Because of the effects of “fatism” (prejudice against fat people), food and eating, which were once pleasurable, eagerly anticipated experiences, have come to elicit a mix of emotions comparable to doing something deviant or taboo. So fat acceptance activists also want to destigmatise food in the same way, they say, as Aids activists try to prevent and reverse the stigmatisation of sex.

They’ve also sought to reappropriate (or ban, depending on who you ask) the word fat and all its derivative forms, which are numerous. Fatty, thunder thighs, chubster, chunky, lard ass, fat lard and I could go on.

But here, in the land of magwenya, bunny chow and gatsbys, I’m hard-pressed to think up as sizeable a list of homegrown derogatory terms for the overweight. Only the truly spiteful, like the Gareth Cliffs or the Eric Miyenis, try to publicly ridicule and belittle others by targeting their weight or size. Unlike their US counterparts, when our airlines talk about an overweight passenger, they are referring to the passenger’s luggage, not their person. And save for the infrequent taxi driver who’ll insist a larger passenger pay twice the price, fat discrimination is not as pervasive here as it may be in equally overweight nations. Even the little discrimination that there is would likely not stand up to constitutional challenge.

The adjectives would be different and kinder than other nation’s responses were we put through a test where we are shown a picture of typical overweight South African and told to describe their traits. For example, an overweight black woman over 35 would, in a representative sample, be likely described as “mother”, “loving”, “friendly” significantly more often than she would be called “lazy”, “slob” or “ugly”, as is the case in the US.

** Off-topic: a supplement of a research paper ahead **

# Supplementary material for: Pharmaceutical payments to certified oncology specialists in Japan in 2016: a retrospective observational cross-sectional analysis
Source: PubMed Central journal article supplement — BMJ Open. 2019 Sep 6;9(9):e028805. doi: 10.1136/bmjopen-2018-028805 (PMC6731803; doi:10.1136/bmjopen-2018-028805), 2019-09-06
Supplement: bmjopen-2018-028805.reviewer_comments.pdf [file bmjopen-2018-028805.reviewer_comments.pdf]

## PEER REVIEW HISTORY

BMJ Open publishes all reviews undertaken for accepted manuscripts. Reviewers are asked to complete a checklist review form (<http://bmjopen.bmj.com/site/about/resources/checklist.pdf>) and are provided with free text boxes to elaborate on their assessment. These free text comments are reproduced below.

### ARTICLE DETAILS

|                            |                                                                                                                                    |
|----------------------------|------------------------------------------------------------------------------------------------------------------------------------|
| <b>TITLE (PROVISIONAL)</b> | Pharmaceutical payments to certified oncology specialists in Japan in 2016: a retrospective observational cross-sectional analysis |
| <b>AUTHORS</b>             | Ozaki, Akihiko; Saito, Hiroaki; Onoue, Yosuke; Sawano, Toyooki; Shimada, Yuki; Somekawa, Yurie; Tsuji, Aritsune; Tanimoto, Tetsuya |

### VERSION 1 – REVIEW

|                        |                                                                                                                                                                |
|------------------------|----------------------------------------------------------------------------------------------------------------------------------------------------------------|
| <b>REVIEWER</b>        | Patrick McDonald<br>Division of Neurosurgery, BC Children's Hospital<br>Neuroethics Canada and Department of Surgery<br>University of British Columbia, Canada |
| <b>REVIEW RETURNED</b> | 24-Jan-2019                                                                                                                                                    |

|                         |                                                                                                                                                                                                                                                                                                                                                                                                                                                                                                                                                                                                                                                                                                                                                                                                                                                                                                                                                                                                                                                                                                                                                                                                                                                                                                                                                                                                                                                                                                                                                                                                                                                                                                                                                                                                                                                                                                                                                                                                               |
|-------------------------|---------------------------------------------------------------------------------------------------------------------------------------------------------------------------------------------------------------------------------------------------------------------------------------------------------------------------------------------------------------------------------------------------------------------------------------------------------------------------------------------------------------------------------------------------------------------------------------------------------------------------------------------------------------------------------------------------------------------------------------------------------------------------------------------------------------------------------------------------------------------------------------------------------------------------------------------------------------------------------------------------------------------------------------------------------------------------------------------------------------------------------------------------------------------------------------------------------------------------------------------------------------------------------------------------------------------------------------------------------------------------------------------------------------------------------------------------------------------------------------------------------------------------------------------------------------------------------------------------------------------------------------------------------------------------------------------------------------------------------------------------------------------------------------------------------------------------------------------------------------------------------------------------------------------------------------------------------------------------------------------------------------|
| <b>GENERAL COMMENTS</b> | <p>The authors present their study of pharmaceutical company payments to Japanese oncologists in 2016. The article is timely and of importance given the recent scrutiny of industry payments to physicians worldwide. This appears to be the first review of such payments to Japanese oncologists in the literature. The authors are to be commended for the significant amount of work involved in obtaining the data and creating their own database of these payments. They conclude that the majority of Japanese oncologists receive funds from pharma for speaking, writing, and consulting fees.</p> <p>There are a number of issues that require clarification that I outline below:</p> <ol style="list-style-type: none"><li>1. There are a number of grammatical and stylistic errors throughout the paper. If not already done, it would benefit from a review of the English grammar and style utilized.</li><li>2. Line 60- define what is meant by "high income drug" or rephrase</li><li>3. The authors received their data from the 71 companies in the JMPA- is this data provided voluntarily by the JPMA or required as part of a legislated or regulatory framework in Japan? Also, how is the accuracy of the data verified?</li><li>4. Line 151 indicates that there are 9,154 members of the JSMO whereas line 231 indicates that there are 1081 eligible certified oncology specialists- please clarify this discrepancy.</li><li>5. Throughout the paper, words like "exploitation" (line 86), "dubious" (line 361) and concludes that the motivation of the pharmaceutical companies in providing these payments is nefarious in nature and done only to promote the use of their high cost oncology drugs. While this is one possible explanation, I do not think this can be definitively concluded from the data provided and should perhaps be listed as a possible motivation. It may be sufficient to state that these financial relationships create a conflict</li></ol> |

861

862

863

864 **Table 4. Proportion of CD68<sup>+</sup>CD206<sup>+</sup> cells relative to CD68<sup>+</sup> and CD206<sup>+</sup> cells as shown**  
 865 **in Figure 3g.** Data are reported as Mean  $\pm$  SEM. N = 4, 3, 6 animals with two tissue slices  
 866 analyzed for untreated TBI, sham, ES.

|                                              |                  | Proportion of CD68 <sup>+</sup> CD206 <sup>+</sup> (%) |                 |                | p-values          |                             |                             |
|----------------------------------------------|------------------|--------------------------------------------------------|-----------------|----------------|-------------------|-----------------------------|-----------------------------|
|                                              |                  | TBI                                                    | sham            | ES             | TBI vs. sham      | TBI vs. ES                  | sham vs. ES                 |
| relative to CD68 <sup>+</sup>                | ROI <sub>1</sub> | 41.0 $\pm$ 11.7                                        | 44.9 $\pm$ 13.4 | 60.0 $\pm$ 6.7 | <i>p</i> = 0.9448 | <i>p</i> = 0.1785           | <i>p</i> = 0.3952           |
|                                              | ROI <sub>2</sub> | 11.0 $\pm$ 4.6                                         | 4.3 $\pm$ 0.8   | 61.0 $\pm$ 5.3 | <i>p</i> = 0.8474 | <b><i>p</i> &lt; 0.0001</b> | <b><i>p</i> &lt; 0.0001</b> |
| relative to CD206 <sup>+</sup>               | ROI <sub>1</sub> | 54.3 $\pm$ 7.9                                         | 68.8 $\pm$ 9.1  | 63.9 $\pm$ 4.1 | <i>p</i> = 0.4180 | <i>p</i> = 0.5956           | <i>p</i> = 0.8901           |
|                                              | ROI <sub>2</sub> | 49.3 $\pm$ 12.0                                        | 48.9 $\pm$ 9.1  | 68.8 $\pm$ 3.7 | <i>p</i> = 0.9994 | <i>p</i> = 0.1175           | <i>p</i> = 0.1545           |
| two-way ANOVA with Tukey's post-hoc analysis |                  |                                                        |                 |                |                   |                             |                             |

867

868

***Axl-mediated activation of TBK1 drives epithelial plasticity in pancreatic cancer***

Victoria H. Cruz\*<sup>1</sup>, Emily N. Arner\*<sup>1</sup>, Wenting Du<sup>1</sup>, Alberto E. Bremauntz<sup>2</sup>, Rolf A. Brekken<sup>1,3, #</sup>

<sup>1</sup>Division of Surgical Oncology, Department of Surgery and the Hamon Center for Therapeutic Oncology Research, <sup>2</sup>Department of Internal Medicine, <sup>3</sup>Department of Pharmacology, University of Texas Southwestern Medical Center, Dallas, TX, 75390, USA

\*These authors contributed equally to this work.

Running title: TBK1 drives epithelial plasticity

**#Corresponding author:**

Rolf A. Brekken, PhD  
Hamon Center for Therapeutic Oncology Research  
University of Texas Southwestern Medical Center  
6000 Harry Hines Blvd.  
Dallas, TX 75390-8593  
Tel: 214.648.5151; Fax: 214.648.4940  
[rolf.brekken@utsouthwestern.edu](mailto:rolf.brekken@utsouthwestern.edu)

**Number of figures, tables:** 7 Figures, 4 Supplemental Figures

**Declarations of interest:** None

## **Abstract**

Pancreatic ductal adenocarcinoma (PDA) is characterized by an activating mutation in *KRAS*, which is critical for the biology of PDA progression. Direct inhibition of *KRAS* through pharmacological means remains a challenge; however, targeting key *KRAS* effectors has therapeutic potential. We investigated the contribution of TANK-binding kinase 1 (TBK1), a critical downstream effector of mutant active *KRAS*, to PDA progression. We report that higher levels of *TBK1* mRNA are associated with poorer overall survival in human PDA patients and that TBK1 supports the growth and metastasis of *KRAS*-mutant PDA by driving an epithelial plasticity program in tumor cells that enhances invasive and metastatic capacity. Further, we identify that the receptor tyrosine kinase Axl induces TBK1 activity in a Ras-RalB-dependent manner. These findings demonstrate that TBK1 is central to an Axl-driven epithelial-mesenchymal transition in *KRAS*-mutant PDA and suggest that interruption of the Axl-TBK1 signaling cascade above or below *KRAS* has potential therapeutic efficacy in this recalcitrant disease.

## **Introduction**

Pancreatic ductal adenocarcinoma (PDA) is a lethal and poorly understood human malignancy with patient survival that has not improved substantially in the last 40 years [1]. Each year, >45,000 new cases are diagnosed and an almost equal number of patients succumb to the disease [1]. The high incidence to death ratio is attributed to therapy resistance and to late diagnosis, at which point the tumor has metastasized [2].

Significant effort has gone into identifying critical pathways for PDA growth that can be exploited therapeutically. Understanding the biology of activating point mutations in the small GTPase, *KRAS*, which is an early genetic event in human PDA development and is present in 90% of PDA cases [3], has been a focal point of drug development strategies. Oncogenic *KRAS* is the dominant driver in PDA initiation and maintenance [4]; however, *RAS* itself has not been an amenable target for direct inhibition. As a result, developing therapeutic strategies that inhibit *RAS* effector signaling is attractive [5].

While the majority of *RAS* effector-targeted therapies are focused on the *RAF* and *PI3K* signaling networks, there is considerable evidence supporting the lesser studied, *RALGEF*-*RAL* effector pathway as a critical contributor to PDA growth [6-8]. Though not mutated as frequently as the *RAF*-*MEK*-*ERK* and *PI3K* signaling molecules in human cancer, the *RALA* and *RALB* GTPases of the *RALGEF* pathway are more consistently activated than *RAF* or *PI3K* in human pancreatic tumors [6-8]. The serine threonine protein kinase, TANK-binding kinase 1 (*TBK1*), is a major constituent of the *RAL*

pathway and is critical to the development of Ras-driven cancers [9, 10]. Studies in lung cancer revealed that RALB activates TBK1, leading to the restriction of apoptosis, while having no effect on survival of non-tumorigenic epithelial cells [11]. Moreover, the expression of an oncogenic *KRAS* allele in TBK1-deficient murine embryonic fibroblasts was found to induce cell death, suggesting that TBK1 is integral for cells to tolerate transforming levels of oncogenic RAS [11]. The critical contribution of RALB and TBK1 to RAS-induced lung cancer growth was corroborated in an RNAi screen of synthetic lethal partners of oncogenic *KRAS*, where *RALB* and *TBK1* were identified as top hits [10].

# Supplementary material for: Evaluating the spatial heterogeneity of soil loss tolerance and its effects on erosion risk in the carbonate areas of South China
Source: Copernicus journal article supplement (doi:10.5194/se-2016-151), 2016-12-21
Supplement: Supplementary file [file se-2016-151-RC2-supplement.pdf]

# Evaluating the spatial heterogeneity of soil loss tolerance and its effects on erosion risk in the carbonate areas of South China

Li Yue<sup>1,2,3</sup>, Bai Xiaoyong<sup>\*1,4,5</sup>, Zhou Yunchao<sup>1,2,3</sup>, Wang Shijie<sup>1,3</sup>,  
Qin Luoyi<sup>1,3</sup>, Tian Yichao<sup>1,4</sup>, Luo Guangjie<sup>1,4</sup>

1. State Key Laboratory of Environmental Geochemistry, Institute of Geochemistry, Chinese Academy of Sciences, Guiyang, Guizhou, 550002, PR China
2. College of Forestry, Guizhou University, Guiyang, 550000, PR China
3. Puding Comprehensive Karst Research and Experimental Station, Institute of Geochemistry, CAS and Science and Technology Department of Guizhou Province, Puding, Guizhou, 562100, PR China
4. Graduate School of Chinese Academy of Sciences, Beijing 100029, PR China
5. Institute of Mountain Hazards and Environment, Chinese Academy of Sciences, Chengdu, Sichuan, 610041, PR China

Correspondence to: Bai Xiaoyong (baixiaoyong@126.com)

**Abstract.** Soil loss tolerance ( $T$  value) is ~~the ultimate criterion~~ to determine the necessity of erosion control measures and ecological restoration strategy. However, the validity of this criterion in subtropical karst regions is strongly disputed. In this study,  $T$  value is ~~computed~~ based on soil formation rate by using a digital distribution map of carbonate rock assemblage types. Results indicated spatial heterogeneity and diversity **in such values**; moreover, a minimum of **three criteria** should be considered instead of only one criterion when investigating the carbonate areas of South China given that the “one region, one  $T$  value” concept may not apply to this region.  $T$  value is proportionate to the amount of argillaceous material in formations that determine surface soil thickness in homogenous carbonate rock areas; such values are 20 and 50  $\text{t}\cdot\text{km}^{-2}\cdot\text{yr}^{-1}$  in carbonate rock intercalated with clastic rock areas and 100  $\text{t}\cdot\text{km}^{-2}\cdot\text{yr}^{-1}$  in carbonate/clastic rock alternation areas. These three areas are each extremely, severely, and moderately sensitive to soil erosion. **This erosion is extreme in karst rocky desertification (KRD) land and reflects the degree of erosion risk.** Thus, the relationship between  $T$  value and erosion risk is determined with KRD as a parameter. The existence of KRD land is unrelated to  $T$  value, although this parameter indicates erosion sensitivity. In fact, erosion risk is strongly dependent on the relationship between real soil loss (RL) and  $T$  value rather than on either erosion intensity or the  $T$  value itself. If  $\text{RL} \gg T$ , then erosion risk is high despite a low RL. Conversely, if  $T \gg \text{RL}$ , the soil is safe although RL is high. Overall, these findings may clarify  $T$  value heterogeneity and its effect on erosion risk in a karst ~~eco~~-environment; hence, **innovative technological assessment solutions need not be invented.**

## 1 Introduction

The nation we live in leaves us in general feeling okay about the state of our weight, accepting of ourselves and generally kind to each other’s proportions, despite what may be going on in our heads. Sure, we might experience pangs of guilt over that late-night McDonald’s burger or those missed gym sessions, and we decline politely the restaurant’s offer of bread for the table. But on the whole, we are far more comfortable with the weight we and those around us carry. Many of us even like our partners with a bit of girth and curves. To what end though?

Some doctors and health researchers say the logical end of fat acceptance is a nation of people suffering multiple chronic and debilitating diseases and costing billions a year in healthcare and productivity. They argue that while stigmatising being overweight may be fuelling obesity by drawing people into routines of unsustainable diets, binge eating and dieting again, it is dangerous to promote not doing anything about having an unhealthy body weight or leave the unhealthily large unchallenged.

For us, fat and content South Africans braaing and beering in perfect harmony, the truth is that our logical end is likely not that different, except we might have shorter lives due to all our other health and social issues. And it probably won’t be easy either to hold that first note of Shosholoza when coronary heart disease and clogged arteries leaves us short of breath. DM

Read more:

  • Obesity in South Africa, on;
  • Is the fat acceptance movement bad for our health, on CNN Health.